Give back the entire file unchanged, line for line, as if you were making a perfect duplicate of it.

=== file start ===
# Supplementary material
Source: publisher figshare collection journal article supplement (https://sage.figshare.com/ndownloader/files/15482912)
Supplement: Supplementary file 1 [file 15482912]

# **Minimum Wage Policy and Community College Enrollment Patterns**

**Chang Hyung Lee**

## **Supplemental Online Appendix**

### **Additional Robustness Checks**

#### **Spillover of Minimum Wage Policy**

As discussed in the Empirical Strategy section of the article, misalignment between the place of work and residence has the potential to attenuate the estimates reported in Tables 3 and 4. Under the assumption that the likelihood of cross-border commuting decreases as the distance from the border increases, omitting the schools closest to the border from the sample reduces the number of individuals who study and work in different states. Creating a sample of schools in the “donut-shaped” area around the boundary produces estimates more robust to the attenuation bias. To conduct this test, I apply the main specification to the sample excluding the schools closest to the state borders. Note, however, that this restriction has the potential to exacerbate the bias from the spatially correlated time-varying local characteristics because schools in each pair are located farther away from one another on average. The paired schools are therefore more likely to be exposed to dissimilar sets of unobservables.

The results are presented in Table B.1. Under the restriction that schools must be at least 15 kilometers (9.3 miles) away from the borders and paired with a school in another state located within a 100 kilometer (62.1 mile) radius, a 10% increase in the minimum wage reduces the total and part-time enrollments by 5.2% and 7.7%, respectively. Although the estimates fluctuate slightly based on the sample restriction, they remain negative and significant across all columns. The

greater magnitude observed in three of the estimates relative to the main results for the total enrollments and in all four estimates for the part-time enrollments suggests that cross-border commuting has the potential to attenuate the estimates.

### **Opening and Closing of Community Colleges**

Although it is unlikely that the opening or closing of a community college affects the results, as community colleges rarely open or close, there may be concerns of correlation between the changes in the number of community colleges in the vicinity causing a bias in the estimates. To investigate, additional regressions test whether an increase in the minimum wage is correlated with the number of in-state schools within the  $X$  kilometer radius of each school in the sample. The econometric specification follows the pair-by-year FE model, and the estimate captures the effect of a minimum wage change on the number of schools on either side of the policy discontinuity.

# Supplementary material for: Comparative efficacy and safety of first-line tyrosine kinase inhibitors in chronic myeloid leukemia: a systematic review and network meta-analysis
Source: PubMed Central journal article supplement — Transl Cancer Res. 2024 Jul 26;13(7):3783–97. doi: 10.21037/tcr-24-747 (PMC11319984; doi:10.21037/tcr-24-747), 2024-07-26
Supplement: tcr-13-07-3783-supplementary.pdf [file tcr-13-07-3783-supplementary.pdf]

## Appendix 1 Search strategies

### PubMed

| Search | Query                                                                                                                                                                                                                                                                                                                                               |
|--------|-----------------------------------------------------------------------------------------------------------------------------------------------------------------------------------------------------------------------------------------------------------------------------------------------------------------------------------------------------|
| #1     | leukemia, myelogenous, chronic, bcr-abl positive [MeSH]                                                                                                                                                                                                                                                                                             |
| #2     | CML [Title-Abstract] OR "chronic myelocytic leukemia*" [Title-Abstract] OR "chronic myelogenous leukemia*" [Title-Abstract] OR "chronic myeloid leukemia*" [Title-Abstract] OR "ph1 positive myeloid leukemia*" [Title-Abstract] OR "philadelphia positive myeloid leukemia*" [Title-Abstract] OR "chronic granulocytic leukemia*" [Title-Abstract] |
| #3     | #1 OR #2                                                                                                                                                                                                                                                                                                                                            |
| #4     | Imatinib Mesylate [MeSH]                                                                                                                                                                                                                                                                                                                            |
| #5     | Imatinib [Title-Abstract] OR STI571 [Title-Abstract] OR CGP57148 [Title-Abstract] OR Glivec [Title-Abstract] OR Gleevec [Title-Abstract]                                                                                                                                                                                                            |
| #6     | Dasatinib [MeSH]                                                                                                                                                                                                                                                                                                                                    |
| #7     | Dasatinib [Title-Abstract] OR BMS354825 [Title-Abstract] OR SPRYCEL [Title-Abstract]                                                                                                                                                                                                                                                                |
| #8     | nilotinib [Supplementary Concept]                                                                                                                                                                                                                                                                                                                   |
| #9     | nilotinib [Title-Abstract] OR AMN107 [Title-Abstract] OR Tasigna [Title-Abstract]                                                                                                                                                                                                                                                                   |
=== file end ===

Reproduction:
# Supplementary material
Source: publisher figshare collection journal article supplement (https://sage.figshare.com/ndownloader/files/15482912)
Supplement: Supplementary file 1 [file 15482912]

# **Minimum Wage Policy and Community College Enrollment Patterns**

**Chang Hyung Lee**

## **Supplemental Online Appendix**

### **Additional Robustness Checks**

#### **Spillover of Minimum Wage Policy**

As discussed in the Empirical Strategy section of the article, misalignment between the place of work and residence has the potential to attenuate the estimates reported in Tables 3 and 4. Under the assumption that the likelihood of cross-border commuting decreases as the distance from the border increases, omitting the schools closest to the border from the sample reduces the number of individuals who study and work in different states. Creating a sample of schools in the “donut-shaped” area around the boundary produces estimates more robust to the attenuation bias. To conduct this test, I apply the main specification to the sample excluding the schools closest to the state borders. Note, however, that this restriction has the potential to exacerbate the bias from the spatially correlated time-varying local characteristics because schools in each pair are located farther away from one another on average. The paired schools are therefore more likely to be exposed to dissimilar sets of unobservables.

The results are presented in Table B.1. Under the restriction that schools must be at least 15 kilometers (9.3 miles) away from the borders and paired with a school in another state located within a 100 kilometer (62.1 mile) radius, a 10% increase in the minimum wage reduces the total and part-time enrollments by 5.2% and 7.7%, respectively. Although the estimates fluctuate slightly based on the sample restriction, they remain negative and significant across all columns. The

greater magnitude observed in three of the estimates relative to the main results for the total enrollments and in all four estimates for the part-time enrollments suggests that cross-border commuting has the potential to attenuate the estimates.

### **Opening and Closing of Community Colleges**

Although it is unlikely that the opening or closing of a community college affects the results, as community colleges rarely open or close, there may be concerns of correlation between the changes in the number of community colleges in the vicinity causing a bias in the estimates. To investigate, additional regressions test whether an increase in the minimum wage is correlated with the number of in-state schools within the  $X$  kilometer radius of each school in the sample. The econometric specification follows the pair-by-year FE model, and the estimate captures the effect of a minimum wage change on the number of schools on either side of the policy discontinuity.

# Supplementary material for: Comparative efficacy and safety of first-line tyrosine kinase inhibitors in chronic myeloid leukemia: a systematic review and network meta-analysis
Source: PubMed Central journal article supplement — Transl Cancer Res. 2024 Jul 26;13(7):3783–97. doi: 10.21037/tcr-24-747 (PMC11319984; doi:10.21037/tcr-24-747), 2024-07-26
Supplement: tcr-13-07-3783-supplementary.pdf [file tcr-13-07-3783-supplementary.pdf]

## Appendix 1 Search strategies

### PubMed

| Search | Query                                                                                                                                                                                                                                                                                                                                               |
|--------|-----------------------------------------------------------------------------------------------------------------------------------------------------------------------------------------------------------------------------------------------------------------------------------------------------------------------------------------------------|
| #1     | leukemia, myelogenous, chronic, bcr-abl positive [MeSH]                                                                                                                                                                                                                                                                                             |
| #2     | CML [Title-Abstract] OR "chronic myelocytic leukemia*" [Title-Abstract] OR "chronic myelogenous leukemia*" [Title-Abstract] OR "chronic myeloid leukemia*" [Title-Abstract] OR "ph1 positive myeloid leukemia*" [Title-Abstract] OR "philadelphia positive myeloid leukemia*" [Title-Abstract] OR "chronic granulocytic leukemia*" [Title-Abstract] |
| #3     | #1 OR #2                                                                                                                                                                                                                                                                                                                                            |
| #4     | Imatinib Mesylate [MeSH]                                                                                                                                                                                                                                                                                                                            |
| #5     | Imatinib [Title-Abstract] OR STI571 [Title-Abstract] OR CGP57148 [Title-Abstract] OR Glivec [Title-Abstract] OR Gleevec [Title-Abstract]                                                                                                                                                                                                            |
| #6     | Dasatinib [MeSH]                                                                                                                                                                                                                                                                                                                                    |
| #7     | Dasatinib [Title-Abstract] OR BMS354825 [Title-Abstract] OR SPRYCEL [Title-Abstract]                                                                                                                                                                                                                                                                |
| #8     | nilotinib [Supplementary Concept]                                                                                                                                                                                                                                                                                                                   |
| #9     | nilotinib [Title-Abstract] OR AMN107 [Title-Abstract] OR Tasigna [Title-Abstract]                                                                                                                                                                                                                                                                   |